Everyone else in the book business is alarmed and I think consumers should be too. In the short run, there are going to be some good deals for e-books on Amazon. But  Amazon’s   potential for monopoly power raises some pretty ominous questions. In a word, Amazon has not been shy about removing “buy” buttons from titles by publishers who won’t cave to Amazon’s  terms, terms which are becoming  increasingly unsustainable to publishers as Amazon consolidates its market power. Several weeks ago Independent Publishers Group announced that it could not agree to Amazon’s new and draconian demands for favorable terms. As a result Amazon refused to sell Kindle editions for 6000 IPG titles. As of now, those books are still not available at the  Kindle Store.

A lot of people in our business are throwing around words that are not often used at literary cocktail parties. We say that Amazon.com is gaining monopoly power. A monopoly is a market arrangement where a single company controls all sales and distribution of a particular product. At the moment, Amazon is not a monopoly. It’s market share of e-books is down to about 60%, due to the entry into the market of major players like Apple and Barnes and Noble. To some extent this is a result of  the  the agency  pricing model that the DOJ is seeking to undermine . If   Amazon is successful at cutting out the other competitors by aggressive price competition,  it  will once again have a monopoly on the sale of e-books with the help and support of the Department of Justice.  A most ingenious paradox. Your tax dollars at work.

At the moment, we have an oligopolistic structure in the sale of e-books. An oligopoly is characterized by a small number of producers or distributors. Almost all e-books in the US are being sold by Amazon, Apple,  Barnes and Noble, Google, and Sony. A lot of industries are oligopolistic. And it doesn’t necessarily pose problems for competition as long as the parties are not acting in concert to control prices or limit supplies.

There is another relevant economic concept: Monopsony. This is distinguished from monopoly  because it describes  a market with only one buyer that forces sellers to accept lower than socially optimal prices. The decision  by the Department of Justice to litigate against Apple and the book publishers  will help establish  a market for e-books  where Amazon will be the only  seller of e-books (a monopoly) but also the only buyer of e-books from the publishers ( a monopsony).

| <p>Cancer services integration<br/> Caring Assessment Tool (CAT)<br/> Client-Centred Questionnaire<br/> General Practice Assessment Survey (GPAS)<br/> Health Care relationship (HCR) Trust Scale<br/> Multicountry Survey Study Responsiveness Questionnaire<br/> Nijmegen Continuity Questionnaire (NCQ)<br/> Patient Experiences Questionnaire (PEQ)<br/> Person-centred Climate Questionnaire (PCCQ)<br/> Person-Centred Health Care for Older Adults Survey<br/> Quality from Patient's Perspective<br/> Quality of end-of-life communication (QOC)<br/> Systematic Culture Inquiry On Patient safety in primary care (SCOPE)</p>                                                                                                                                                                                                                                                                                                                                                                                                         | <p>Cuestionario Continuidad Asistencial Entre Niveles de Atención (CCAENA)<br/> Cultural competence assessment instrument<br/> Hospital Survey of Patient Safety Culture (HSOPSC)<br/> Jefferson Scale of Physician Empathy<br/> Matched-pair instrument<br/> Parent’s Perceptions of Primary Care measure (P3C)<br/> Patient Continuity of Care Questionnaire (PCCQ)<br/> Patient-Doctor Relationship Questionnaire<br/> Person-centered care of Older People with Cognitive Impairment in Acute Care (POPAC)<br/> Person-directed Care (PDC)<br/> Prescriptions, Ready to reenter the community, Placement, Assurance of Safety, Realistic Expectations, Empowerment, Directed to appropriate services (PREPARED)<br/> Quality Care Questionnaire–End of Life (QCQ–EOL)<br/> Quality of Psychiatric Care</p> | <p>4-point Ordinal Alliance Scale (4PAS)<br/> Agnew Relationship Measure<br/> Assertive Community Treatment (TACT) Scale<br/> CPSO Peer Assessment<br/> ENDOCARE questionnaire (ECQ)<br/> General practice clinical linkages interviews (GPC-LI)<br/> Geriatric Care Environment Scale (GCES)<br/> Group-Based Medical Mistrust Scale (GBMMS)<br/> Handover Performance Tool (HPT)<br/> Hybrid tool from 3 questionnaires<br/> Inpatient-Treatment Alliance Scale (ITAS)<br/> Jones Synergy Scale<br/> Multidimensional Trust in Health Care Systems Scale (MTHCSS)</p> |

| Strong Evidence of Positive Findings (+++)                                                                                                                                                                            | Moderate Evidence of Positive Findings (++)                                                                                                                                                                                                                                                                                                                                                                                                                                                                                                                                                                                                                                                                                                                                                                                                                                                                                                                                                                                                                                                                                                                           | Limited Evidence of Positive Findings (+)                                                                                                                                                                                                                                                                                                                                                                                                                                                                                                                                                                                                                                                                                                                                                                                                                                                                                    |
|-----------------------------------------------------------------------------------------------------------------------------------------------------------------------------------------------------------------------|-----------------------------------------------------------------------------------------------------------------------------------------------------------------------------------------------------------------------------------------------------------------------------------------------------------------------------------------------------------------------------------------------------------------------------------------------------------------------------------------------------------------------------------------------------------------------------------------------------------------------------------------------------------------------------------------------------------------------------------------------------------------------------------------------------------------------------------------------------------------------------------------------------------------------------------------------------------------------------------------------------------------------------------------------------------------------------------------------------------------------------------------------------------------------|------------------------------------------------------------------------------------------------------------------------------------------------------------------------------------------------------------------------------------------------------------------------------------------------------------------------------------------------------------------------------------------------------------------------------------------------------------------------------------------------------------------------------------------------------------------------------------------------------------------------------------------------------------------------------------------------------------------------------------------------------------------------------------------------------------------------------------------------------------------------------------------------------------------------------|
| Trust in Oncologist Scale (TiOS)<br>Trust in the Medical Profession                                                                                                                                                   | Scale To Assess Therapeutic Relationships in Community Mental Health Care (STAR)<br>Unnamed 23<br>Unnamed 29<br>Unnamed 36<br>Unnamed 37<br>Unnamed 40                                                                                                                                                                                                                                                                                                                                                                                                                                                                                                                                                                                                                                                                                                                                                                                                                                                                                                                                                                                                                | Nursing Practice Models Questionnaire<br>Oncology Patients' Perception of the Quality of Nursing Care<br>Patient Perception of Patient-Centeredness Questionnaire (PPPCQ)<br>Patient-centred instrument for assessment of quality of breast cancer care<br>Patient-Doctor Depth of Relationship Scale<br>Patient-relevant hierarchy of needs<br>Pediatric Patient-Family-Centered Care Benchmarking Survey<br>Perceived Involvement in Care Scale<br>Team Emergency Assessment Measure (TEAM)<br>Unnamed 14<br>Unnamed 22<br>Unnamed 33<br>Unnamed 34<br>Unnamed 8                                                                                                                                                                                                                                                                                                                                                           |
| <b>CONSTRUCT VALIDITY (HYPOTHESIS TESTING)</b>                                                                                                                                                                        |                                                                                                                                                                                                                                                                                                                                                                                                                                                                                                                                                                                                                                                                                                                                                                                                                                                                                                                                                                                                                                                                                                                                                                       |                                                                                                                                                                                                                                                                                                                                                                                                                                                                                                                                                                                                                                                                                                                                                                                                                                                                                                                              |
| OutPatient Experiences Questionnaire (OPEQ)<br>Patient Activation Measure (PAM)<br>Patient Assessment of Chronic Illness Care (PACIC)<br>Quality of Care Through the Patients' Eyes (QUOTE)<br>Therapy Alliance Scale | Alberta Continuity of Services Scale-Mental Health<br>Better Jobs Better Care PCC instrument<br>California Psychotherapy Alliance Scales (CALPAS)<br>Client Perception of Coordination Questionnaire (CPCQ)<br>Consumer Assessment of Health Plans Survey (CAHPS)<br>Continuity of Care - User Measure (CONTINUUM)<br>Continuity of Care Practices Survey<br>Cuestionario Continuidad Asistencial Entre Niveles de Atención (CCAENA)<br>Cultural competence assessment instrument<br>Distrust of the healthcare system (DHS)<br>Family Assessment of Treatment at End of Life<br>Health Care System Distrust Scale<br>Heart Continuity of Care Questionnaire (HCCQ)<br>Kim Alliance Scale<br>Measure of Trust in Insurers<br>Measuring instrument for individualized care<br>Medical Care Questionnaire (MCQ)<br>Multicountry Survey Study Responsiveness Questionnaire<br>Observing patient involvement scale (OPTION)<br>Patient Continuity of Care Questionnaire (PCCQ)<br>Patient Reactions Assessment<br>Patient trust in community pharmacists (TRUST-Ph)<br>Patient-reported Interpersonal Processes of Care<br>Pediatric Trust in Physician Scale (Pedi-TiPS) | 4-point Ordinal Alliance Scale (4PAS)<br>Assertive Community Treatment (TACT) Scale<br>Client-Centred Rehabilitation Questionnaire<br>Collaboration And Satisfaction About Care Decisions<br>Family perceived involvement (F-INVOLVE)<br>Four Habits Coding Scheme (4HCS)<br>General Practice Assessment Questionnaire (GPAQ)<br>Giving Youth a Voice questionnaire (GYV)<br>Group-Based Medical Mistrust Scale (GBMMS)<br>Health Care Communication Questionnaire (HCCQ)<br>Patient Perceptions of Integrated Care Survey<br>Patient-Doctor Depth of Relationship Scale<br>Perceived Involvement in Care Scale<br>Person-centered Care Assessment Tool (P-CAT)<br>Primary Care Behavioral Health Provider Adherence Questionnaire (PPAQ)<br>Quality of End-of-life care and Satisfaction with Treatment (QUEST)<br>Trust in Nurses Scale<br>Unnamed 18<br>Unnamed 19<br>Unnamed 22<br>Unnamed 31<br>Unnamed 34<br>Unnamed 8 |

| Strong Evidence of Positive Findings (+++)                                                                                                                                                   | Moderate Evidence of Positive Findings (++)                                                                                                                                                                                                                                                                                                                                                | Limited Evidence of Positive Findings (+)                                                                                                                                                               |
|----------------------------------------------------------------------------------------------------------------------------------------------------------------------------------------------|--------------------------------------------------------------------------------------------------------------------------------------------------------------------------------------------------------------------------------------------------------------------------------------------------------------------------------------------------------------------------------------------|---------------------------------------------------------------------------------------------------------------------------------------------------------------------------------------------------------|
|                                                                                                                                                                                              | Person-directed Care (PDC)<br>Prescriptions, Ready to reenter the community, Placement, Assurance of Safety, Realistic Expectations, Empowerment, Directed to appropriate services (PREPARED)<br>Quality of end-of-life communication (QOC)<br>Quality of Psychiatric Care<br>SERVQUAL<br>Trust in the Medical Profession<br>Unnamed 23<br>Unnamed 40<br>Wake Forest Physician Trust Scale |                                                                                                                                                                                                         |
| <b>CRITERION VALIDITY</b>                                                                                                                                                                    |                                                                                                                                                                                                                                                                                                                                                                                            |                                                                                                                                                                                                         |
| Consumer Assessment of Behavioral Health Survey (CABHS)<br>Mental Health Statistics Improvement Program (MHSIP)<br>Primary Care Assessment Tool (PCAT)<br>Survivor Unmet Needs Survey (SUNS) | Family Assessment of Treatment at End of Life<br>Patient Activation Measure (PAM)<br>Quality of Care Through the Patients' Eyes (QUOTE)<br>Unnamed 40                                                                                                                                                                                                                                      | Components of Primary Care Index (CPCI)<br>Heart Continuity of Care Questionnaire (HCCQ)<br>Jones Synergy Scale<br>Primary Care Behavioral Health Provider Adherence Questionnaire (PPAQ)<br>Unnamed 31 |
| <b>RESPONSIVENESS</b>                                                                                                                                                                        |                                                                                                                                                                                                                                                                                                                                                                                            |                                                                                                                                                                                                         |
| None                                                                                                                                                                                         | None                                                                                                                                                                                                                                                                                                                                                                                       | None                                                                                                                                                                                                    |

This  is a truly alarming  situation for an industry that can only thrive in a diverse marketplace. We are, after all, in the business of disseminating ideas. And a monopoly of the marketplace of ideas is an enormously troubling development for those of us who see books as something more than just another consumer product.

The Justice Department vs. Book Publishers: What This Really Means

March 10, 2012

The Anti-Trust Division of The Justice Department announced  this week that it is considering filing charges against Apple Computer  and 5 of the largest book publishers for violating anti-trust laws. The issue, at least as far as I can determine, is whether there were illegal agreements  made between Apple and the  5 publishers to  fix  the retail price on e-books.  It is illegal under anti-trust law to make agreements to “restrain trade”.

I know a little about anti-trust law. When I was a bookseller, I was involved for about 20 years in various anti-trust lawsuits having to do with unfair competition by chain stores. I won’t go into detail here about anti-trust except to say that the laws are incredibly arcane and usually hinge on “facts” that are murky at best. And I do not know the specific facts of this case that would either incriminate or exonerate the putative conspirators.

So let’s talk about what this means in the real world. Here’s the back story. In 2010 when Apple was poised to release the iPad, Amazon controlled about 90% of the e-book business. Amazon sold books in the proprietary Kindle format which could only be read on Kindle readers. If you had  a Kindle reader (and at that time most e-book consumers did), you had to buy your e-books from Amazon.